A First Look at Strixhaven Limited
- Kristof Prinz
With drafts going online soon and the Sealed Deck Open coming to Arena in May, it's time to enroll at the School of Mages and take a first prep course. What are the colleges up to, how strong are the themes, what mana fixing is there, and which commons and uncommons should you look out for?
In this article, I will share my early thoughts on the set and Limited format with you. Bear in mind that I didn't play with the cards yet. Once I have some experience with them, some of my opinions are bound to change. I'll make sure to give you an update then.
Read the Cards
First of all, there is a whole lot going on in this set, and we even have double-faced cards again. So my first piece of advice is to read the cards carefully. This was important for Kaldheim Limited already and, if Wizards stay on course, will be true for future sets too. Many of the cards do similiar things, but not the same thing. An example are the Quandrix cards that create Fractals. Pretty much all of them care about a different thing, which then defines how big your Fractal will be.
Next up we should look at the enemy-colored colleges themselves and what they're about.
Lorehold is a pretty interesting spin on the Boros color combination. Instead of combat they care about Spirits and cards leaving your graveyard. Illustrious Historian for example would be a servicable card in other formats, but may be legitimately great here, as it's a reasonable two-drop that synergizes with both of the college's themes. Similary Stonerise Spirit would be a fairly mediocre card usually, but if exiling a card also triggers your Stonebinder's Familiar for example it becomes a lot more interesting.
I think Lorehold is one of the more difficult to evaluate colleges as all the synergystic pieces are there, but how often you get them together is tough to figure out. I would just try to take cards that are reasonable on rate and care about synergies only as a secondary property but will keep myself open to changing this assumption.
Prismari care about big spells, some of which offer the ability to cash them in for a Treasure for two blue-red hybrid mana. There are some cards supporting this theme at common and uncommon like Spectacle Mage or Maelstrom Muse, but if you don't get multiples of those there's only so much space for seven or eight mana instants and sorceries.
That said, there are also a few cards that are just fine in about any spell-based deck and those are still fine within the big-spell-matters archetype. I believe a key common for either strategy will be Prismari Pledgemage at a pretty good rate that is incredibly easy to cast if you're in the Prismari colors.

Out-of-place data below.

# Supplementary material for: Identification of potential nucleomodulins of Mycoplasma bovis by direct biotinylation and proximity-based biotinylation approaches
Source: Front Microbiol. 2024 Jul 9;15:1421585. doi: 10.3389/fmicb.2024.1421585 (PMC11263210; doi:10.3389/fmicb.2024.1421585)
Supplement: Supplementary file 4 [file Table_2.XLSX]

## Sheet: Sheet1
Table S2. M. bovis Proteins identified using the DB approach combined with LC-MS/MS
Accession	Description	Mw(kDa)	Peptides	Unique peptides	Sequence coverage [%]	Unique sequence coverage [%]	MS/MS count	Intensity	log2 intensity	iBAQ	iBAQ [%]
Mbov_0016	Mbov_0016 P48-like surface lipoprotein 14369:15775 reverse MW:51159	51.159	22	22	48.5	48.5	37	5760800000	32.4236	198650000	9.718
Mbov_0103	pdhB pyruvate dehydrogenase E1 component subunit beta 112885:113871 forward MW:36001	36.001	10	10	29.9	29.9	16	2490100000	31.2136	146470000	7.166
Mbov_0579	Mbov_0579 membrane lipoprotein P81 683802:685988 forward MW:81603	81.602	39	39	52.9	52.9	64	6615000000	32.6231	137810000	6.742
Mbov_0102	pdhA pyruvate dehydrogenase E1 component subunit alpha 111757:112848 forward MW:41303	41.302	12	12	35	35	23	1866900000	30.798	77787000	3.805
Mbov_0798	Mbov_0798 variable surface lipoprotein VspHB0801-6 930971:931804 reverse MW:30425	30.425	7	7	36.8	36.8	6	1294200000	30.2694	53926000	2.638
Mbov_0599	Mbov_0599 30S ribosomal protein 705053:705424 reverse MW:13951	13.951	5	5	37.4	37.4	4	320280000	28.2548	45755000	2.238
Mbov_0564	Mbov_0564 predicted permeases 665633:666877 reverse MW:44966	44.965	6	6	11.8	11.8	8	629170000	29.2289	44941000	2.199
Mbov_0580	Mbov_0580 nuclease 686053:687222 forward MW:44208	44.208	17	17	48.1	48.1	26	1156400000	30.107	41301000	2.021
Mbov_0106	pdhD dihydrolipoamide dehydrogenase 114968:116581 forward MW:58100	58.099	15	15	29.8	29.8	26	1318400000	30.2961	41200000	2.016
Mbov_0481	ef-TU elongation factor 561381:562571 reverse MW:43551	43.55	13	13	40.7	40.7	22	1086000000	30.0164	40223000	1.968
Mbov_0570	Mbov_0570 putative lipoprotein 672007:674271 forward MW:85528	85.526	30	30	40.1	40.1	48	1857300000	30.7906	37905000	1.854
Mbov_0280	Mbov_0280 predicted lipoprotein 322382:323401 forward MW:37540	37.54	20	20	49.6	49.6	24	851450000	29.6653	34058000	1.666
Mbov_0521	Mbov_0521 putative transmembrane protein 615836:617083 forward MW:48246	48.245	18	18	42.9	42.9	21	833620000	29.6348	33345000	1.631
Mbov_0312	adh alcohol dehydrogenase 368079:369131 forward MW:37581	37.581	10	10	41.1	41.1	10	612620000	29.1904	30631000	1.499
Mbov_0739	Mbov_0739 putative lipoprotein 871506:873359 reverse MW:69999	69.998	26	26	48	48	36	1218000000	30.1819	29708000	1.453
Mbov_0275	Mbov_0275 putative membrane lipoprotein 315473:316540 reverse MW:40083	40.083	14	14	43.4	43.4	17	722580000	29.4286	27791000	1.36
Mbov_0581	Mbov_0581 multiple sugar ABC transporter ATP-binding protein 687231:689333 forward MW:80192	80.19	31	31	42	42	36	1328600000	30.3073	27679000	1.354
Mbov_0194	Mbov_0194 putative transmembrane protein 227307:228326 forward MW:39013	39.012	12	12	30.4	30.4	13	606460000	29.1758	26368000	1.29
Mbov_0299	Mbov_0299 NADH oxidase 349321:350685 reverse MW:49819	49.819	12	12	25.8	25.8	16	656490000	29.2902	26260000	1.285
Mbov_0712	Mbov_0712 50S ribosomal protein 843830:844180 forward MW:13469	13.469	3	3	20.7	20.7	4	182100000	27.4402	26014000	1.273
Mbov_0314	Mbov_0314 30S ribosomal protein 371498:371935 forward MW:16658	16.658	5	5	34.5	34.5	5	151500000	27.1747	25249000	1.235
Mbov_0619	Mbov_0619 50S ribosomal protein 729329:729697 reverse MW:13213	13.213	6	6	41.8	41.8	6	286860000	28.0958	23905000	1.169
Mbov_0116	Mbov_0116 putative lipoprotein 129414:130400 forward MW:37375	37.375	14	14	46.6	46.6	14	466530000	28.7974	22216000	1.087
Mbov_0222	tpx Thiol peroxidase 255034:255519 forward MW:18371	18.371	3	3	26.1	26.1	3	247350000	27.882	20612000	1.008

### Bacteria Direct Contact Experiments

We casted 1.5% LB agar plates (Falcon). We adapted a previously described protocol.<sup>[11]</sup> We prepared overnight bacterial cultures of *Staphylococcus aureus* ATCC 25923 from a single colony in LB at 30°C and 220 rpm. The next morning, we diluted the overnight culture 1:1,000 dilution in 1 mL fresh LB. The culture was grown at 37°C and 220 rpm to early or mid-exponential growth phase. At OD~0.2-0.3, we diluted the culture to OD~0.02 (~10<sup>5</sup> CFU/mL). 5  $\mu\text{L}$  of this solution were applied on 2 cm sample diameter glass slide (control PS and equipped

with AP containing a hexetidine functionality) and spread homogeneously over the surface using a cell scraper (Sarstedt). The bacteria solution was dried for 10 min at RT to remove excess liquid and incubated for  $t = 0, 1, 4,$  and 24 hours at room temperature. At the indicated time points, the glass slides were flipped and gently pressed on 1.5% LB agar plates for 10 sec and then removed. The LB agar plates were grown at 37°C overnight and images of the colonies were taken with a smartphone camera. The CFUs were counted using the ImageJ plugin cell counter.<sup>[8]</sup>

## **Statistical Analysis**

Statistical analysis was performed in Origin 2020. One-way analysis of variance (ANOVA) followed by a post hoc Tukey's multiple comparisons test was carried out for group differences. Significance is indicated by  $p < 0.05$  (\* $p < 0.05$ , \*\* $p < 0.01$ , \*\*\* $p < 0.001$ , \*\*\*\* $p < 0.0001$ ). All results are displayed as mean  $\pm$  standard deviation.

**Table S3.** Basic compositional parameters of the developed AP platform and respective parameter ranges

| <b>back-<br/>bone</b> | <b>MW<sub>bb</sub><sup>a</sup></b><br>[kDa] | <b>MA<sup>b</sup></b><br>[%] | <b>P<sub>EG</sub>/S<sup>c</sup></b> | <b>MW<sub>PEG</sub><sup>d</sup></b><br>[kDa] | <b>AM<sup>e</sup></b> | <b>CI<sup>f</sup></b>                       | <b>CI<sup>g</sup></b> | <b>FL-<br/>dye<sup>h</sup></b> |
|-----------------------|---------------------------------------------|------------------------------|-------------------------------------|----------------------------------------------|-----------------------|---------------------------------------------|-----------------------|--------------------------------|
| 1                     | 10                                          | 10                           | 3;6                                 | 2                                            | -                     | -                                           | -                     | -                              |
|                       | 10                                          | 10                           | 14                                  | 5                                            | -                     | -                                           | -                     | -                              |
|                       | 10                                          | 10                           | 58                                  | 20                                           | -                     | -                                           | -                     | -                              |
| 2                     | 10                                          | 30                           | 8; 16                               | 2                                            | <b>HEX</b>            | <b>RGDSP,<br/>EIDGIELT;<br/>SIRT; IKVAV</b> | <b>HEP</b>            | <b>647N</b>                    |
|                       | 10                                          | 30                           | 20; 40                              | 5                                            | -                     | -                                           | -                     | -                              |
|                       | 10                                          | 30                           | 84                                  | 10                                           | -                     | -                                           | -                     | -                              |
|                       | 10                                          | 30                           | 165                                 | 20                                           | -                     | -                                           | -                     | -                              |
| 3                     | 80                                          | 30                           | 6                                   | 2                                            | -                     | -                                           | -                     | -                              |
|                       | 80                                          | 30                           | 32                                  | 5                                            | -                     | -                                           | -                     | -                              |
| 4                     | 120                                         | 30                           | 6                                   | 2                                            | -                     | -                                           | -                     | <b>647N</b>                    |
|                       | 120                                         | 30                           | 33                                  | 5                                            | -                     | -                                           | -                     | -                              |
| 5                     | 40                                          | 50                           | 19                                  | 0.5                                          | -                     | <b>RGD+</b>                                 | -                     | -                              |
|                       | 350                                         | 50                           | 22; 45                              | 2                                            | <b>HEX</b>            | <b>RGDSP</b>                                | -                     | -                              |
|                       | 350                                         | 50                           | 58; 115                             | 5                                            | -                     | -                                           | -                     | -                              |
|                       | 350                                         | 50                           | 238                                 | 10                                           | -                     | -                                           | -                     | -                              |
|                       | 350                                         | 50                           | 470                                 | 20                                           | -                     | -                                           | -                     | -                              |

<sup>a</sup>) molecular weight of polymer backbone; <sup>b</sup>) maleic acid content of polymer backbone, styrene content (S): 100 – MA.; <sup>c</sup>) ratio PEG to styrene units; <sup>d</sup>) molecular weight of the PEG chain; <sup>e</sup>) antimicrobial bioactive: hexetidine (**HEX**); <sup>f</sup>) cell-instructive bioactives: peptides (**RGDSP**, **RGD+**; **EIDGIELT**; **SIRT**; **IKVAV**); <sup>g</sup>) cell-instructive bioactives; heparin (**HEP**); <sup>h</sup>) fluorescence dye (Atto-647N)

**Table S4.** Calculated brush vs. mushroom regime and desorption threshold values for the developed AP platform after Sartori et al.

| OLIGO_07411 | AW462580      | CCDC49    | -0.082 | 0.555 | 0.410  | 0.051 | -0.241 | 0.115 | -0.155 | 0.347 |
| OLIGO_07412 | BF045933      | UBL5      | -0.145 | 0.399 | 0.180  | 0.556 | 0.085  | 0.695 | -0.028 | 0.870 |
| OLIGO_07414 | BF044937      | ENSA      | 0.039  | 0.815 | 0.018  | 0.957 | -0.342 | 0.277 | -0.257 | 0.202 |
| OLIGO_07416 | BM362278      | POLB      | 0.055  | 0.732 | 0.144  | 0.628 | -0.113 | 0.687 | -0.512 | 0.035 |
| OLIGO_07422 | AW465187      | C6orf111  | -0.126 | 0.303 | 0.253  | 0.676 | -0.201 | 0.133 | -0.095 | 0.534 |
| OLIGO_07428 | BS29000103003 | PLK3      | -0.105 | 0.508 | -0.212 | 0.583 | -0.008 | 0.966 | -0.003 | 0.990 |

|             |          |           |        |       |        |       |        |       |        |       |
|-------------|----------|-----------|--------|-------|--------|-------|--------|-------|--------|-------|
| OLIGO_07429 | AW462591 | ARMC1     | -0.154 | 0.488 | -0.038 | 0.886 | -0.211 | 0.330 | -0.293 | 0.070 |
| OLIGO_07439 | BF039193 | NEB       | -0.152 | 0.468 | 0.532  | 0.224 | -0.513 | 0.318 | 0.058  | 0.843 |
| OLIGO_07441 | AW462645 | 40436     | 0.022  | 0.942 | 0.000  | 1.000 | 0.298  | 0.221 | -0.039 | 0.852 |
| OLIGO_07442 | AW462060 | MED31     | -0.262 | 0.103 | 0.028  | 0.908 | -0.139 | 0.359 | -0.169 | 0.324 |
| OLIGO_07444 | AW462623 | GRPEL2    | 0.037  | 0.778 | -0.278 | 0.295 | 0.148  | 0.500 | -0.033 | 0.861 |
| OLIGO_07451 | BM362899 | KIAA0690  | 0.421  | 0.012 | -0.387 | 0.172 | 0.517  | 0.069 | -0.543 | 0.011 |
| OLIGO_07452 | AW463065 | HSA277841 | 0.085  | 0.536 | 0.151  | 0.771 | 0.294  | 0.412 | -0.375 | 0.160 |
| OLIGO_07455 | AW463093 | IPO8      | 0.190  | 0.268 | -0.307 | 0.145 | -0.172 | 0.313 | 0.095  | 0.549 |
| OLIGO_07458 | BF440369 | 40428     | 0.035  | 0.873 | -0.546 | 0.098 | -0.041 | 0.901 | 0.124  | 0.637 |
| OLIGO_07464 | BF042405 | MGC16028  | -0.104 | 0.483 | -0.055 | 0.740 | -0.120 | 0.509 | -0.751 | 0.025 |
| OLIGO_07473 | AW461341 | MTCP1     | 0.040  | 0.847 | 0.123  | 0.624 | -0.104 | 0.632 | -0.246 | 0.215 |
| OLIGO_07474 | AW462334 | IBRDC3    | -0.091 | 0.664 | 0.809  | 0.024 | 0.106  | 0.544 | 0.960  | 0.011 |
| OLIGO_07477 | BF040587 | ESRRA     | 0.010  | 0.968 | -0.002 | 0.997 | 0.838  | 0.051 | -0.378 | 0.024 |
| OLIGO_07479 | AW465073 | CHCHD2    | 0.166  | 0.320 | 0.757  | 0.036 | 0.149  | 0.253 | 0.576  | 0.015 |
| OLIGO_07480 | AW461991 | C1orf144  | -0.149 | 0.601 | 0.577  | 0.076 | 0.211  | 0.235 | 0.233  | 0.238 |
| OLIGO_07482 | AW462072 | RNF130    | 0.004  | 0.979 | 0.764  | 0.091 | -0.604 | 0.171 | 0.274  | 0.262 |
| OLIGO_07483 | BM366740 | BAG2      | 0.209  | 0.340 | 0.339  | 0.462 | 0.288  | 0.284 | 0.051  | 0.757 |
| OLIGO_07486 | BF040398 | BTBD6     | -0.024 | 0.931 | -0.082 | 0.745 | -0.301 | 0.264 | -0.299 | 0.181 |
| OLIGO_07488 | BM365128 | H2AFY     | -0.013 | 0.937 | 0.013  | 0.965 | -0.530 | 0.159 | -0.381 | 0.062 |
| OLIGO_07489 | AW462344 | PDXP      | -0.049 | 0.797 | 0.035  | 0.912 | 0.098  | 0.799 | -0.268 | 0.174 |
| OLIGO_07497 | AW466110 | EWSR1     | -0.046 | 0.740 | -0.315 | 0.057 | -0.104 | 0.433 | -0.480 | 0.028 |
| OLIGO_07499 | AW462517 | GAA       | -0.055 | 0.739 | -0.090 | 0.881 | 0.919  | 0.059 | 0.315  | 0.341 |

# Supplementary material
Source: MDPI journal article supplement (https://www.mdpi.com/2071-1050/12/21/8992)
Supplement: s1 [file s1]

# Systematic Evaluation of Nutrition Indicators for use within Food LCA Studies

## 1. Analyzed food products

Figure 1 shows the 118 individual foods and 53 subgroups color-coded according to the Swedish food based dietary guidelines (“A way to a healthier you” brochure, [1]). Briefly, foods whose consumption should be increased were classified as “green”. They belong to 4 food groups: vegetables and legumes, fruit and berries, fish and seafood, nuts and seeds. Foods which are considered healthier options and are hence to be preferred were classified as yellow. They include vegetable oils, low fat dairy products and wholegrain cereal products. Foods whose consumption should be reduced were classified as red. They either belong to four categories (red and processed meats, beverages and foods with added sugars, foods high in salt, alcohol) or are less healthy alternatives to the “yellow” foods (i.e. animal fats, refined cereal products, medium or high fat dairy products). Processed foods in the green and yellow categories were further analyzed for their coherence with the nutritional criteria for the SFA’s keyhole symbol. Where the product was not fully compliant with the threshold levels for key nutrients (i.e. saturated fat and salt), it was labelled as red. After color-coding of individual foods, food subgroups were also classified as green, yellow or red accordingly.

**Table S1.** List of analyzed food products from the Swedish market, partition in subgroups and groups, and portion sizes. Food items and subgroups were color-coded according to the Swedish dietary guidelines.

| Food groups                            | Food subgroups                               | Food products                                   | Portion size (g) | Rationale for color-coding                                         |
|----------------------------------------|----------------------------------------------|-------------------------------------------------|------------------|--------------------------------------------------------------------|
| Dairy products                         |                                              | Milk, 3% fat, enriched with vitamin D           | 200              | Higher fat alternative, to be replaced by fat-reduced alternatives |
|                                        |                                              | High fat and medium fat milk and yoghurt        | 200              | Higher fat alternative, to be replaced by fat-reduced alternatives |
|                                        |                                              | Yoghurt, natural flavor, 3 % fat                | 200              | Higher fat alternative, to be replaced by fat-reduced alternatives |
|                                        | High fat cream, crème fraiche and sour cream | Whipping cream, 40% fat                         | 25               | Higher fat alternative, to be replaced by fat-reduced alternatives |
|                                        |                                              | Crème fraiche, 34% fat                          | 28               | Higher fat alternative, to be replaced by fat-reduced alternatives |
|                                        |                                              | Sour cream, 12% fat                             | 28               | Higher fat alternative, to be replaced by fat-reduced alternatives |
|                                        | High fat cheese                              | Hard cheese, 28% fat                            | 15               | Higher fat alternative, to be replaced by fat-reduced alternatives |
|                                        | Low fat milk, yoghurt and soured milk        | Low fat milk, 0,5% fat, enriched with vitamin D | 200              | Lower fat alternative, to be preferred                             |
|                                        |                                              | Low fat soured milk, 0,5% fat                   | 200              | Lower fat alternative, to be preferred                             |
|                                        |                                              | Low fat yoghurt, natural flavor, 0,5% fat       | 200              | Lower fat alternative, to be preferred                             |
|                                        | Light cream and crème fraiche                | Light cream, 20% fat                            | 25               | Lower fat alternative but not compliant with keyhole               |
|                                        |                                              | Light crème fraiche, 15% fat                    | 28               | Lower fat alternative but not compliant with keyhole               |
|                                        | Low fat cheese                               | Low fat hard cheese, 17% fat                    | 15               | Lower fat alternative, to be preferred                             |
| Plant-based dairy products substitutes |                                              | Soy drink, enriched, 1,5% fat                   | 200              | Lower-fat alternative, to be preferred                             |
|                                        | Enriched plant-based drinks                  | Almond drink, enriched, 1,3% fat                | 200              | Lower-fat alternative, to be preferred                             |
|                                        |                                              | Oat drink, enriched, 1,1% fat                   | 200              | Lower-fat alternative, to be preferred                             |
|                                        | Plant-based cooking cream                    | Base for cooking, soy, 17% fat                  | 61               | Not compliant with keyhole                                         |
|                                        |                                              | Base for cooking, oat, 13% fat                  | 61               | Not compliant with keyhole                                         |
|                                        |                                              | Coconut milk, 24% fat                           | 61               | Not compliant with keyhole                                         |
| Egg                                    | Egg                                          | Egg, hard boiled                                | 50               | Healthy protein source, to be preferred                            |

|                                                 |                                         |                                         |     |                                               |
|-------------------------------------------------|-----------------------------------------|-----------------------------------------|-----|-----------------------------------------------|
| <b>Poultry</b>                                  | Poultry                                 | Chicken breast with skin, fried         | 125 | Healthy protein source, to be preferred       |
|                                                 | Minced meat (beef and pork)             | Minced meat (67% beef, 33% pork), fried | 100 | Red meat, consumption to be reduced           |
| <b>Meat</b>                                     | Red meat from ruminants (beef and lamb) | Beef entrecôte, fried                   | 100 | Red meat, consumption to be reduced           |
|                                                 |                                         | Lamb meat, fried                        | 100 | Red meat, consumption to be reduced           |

If you had to specify which theme Quandrix has, it would probaly be +1/+1 counters, but that theme does not appear very pronounced. While there are some cards like Biomathematician that care about all your Fractals, most cards seem pretty self-contained and should be evaluated as such, meaning you should probaly just go for the things good on rate rather than force synergies.
Quandrix also features a control-eight-or-more-lands subtheme. But as there's not a lot of ramp in the set, those will probably play a little like kicker in that having access to the better abilities will be nice in longer games but not part of the card's primary function.
Witherbloom looks like the college with the most pronounced overarching theme to me, this being life and death. Their production of Pest tokens works well with cards caring about life gain, but also cards caring about sacrificing creatures. I assume decks in Witherbloom colors will be the most synergystic and I'm hyped about drafting them myself the most.
Cards like Bayou Groff or Daemogoth Woe-Eater should work extremly well given the ability to produce lots of Pests or other throwaway creatures. Witherbloom looks more than capable of meeting their demands for fodder.
Silverquill has the least pronounced theme of all the five colleges. Apparently it's +1/+1 counters, but while they have a reasonable amount of cards placing them, there's only a few payoff cards like Spiteful Squad. However, Silverquill provides you with pretty good removal in Closing Statement and access to black and therefore Mage Hunters' Onslaught.